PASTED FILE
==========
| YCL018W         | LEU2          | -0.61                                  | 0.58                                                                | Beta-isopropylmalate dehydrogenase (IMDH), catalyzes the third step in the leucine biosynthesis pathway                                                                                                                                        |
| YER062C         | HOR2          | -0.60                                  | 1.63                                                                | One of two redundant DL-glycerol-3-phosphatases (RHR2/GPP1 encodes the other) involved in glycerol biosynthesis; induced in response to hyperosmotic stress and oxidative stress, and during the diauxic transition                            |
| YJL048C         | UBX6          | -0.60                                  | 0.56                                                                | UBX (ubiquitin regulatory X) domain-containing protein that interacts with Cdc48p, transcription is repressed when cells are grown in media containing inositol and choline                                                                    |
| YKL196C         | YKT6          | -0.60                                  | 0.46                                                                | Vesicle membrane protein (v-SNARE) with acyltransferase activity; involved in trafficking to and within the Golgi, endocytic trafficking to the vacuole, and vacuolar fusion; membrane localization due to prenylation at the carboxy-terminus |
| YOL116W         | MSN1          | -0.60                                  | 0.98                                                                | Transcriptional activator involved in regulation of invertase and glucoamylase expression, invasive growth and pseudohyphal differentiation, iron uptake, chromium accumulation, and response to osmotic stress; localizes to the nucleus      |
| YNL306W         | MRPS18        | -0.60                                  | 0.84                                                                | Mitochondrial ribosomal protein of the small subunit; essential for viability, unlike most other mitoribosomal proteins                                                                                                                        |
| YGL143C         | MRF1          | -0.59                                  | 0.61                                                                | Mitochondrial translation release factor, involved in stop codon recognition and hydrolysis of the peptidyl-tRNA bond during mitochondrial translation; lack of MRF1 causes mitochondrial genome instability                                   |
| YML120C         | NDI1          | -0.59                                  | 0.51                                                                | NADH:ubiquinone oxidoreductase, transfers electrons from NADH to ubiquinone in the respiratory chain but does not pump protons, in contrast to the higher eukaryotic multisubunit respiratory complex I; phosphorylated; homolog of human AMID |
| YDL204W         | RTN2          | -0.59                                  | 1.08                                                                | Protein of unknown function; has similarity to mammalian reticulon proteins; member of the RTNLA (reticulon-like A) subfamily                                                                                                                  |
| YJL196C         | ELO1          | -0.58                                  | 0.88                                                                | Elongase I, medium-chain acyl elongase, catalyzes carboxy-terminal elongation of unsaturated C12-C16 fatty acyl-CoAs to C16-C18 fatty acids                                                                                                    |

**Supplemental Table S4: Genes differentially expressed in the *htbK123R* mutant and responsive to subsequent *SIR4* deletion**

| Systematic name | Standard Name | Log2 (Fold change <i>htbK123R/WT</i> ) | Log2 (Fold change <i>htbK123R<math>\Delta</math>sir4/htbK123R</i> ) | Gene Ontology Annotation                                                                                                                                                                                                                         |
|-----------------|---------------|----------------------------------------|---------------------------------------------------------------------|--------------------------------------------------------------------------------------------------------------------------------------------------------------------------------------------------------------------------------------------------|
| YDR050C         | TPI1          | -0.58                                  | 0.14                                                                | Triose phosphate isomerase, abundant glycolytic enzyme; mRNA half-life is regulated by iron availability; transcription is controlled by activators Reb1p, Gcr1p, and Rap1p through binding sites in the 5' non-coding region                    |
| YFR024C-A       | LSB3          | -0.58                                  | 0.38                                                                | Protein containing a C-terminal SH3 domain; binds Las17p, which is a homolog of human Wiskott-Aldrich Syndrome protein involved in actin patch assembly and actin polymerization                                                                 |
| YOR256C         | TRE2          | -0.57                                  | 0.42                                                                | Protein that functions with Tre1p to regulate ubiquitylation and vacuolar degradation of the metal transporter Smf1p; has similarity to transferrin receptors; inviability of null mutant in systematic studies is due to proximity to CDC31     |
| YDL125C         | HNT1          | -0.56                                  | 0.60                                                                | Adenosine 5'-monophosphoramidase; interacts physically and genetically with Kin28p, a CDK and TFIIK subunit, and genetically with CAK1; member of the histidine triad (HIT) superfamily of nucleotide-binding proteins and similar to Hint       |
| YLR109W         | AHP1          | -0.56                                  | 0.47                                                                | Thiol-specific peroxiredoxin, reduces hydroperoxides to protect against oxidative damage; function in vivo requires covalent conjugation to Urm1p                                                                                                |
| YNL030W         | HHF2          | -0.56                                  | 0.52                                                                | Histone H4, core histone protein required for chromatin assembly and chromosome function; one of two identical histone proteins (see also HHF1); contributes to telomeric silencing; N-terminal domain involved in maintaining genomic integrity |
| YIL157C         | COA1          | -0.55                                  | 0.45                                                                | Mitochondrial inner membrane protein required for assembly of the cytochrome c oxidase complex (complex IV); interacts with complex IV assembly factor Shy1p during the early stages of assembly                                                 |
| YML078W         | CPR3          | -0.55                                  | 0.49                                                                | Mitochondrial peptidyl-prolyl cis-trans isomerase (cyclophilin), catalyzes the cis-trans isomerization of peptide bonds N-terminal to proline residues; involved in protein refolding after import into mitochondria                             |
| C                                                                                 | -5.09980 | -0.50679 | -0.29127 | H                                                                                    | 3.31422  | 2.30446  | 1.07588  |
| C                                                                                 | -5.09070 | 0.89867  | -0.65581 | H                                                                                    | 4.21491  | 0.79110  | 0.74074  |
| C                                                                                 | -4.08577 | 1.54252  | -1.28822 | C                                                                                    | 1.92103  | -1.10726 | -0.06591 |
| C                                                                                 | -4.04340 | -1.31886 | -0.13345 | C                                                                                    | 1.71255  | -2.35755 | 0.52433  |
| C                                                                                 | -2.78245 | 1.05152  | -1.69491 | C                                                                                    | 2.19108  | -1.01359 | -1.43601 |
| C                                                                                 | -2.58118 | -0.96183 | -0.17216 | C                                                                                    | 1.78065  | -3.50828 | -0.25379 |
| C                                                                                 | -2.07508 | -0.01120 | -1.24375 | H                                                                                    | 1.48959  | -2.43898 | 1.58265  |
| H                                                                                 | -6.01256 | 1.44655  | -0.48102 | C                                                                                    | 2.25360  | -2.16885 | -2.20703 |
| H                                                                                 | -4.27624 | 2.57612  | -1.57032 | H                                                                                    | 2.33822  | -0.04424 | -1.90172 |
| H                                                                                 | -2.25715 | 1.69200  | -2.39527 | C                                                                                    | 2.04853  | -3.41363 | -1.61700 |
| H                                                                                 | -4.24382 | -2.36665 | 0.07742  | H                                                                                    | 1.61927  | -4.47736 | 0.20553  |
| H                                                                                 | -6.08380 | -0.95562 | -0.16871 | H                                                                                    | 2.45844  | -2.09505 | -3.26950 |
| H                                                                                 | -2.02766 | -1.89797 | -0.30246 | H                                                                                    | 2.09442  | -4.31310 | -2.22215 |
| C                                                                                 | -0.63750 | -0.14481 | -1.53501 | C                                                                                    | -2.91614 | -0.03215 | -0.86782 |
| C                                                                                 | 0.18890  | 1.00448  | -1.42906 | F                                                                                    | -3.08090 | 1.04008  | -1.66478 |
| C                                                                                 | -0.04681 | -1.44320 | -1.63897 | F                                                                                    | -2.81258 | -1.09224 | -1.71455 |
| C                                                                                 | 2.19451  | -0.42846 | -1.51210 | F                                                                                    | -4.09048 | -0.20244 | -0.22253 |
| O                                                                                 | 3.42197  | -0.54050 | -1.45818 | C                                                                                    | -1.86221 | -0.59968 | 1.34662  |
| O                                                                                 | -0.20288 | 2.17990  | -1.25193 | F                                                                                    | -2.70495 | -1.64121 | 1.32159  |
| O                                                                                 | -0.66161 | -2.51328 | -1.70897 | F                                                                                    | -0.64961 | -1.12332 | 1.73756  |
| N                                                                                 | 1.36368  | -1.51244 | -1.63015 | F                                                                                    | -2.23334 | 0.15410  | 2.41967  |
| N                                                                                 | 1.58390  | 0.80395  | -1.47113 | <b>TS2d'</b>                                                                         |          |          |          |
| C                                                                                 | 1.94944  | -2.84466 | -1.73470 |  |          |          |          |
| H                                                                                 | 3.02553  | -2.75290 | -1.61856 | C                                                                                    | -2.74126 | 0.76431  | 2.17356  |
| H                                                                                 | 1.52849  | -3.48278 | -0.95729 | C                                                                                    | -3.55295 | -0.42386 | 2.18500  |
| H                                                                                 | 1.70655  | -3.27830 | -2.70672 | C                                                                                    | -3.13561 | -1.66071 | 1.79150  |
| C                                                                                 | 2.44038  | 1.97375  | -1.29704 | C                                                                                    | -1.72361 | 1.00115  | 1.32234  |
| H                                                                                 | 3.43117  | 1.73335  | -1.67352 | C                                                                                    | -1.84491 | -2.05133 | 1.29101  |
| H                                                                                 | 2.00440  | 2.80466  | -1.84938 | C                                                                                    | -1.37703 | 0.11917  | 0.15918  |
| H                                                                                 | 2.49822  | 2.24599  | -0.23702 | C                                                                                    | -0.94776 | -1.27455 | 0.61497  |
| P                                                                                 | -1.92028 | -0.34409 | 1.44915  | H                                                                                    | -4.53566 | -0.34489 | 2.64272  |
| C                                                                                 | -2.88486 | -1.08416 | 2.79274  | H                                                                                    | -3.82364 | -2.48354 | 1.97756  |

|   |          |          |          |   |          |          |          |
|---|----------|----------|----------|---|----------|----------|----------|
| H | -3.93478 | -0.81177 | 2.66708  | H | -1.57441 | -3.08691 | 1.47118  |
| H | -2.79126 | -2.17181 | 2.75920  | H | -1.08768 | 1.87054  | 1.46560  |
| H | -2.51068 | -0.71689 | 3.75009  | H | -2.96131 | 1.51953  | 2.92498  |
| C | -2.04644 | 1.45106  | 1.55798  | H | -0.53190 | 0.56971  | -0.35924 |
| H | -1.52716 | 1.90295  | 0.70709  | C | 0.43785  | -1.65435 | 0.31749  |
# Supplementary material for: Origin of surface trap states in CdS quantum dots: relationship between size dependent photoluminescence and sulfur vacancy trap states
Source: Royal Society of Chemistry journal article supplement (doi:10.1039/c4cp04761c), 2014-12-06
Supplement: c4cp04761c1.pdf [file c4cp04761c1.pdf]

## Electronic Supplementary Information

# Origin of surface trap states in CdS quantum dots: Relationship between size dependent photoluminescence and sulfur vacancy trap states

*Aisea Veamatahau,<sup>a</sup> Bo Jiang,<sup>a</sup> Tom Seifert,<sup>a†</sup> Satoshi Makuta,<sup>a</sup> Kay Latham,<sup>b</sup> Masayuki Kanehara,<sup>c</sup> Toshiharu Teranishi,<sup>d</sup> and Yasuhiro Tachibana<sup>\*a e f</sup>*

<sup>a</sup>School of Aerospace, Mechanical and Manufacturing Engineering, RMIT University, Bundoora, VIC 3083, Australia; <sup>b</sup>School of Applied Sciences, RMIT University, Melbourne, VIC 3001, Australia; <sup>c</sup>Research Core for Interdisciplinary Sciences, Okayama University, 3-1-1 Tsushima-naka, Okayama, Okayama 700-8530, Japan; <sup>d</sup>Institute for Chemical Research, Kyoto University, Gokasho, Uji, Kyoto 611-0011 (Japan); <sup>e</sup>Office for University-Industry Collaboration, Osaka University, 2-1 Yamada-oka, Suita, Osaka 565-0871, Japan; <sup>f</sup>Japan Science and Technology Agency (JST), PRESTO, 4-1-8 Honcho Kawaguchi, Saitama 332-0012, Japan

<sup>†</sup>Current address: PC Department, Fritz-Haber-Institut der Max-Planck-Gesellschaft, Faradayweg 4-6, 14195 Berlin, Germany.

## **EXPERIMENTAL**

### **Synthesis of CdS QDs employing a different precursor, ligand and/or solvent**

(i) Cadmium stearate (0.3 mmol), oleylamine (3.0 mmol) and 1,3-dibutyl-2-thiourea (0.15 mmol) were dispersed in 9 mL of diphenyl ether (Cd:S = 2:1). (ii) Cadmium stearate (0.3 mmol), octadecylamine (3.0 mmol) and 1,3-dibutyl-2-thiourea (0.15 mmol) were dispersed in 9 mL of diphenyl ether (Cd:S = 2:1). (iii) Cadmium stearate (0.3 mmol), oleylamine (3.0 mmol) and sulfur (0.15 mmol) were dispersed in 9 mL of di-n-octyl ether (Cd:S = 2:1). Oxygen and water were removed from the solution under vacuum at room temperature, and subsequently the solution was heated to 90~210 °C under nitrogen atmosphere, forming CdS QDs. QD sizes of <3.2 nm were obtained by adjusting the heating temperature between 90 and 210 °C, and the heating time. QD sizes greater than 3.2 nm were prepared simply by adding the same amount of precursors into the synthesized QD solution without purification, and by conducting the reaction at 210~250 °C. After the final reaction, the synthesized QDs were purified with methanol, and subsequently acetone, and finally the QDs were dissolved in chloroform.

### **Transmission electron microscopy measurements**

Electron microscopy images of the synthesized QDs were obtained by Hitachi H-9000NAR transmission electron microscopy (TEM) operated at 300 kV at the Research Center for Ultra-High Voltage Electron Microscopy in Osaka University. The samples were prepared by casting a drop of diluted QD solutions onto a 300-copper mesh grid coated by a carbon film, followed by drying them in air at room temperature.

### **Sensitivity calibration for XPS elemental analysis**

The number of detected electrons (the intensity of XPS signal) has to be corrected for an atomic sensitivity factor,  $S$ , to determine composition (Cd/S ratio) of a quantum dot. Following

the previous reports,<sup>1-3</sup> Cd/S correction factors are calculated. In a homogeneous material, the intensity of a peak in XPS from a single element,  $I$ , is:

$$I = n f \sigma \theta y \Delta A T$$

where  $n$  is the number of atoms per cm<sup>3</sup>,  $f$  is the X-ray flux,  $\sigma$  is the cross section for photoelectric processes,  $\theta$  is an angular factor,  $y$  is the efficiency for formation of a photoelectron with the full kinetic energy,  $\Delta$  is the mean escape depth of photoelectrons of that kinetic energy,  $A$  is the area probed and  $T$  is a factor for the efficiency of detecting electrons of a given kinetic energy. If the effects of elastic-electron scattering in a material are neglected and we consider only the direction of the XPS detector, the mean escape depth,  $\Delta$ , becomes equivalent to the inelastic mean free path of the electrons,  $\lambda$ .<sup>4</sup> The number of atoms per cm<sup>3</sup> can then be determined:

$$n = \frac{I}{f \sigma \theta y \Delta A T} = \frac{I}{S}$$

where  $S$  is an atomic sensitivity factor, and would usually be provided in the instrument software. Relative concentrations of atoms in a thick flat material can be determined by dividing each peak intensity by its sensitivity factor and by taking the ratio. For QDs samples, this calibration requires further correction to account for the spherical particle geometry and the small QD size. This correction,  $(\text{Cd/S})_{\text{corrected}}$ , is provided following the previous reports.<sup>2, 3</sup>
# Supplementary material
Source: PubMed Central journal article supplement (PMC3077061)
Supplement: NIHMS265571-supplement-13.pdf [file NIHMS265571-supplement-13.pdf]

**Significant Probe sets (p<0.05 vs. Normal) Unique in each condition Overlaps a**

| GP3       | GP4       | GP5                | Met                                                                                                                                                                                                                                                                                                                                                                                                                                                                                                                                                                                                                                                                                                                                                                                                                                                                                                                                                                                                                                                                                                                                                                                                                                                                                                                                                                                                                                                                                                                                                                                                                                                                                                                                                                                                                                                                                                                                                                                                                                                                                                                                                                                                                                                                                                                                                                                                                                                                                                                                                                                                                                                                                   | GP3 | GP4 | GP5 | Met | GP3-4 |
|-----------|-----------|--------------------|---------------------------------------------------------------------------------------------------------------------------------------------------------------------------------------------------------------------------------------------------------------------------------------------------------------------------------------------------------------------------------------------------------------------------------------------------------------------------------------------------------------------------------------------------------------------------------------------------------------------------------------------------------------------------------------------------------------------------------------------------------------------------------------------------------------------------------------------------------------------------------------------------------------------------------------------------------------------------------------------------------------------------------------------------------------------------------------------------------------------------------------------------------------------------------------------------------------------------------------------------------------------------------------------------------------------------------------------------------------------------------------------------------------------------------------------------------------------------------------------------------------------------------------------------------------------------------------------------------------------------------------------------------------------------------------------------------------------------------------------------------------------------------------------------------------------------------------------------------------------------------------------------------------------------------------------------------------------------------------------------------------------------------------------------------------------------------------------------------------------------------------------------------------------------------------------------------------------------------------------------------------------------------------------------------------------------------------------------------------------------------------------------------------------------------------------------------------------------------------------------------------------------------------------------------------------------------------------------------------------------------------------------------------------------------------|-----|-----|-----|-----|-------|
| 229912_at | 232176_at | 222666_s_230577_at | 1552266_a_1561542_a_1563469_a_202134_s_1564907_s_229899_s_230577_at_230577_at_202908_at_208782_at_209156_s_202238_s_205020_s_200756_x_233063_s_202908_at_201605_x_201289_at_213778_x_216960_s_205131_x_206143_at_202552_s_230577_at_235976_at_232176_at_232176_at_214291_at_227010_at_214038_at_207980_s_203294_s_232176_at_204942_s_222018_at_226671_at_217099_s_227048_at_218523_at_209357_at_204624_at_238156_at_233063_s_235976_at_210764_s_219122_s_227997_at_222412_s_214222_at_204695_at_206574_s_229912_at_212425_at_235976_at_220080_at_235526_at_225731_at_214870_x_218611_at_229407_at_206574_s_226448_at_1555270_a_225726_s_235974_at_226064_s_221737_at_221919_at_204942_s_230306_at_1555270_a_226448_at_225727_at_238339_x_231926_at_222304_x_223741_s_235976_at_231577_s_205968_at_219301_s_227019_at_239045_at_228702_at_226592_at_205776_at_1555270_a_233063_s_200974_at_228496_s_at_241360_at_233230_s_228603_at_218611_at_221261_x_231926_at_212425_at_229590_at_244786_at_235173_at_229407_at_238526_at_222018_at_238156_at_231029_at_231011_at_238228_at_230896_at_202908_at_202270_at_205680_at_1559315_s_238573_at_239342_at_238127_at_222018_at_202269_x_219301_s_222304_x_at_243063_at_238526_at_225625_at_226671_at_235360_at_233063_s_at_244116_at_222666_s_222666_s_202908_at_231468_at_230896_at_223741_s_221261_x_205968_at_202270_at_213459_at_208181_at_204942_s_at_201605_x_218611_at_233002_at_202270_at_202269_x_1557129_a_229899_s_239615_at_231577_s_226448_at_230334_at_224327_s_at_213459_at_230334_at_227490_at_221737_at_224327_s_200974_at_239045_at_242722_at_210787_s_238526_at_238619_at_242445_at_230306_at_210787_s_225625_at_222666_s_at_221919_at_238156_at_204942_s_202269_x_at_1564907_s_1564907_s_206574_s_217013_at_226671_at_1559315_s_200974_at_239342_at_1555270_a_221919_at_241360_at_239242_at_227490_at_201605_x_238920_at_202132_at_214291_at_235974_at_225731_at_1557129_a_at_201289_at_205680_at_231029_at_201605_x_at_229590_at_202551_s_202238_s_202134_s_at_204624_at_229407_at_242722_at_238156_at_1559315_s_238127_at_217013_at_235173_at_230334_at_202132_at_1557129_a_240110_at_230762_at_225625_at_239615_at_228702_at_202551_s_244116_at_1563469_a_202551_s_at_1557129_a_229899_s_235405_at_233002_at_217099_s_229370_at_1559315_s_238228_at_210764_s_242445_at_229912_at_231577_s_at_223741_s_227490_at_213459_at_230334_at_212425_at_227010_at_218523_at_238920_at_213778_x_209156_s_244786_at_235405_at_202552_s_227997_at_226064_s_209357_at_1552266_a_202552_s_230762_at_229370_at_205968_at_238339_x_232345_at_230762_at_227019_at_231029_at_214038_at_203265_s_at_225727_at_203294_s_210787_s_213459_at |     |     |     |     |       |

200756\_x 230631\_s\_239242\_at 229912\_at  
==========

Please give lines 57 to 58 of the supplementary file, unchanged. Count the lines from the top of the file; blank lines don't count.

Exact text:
| H | -2.79126 | -2.17181 | 2.75920  | H | -1.08768 | 1.87054  | 1.46560  |
| H | -2.51068 | -0.71689 | 3.75009  | H | -2.96131 | 1.51953  | 2.92498  |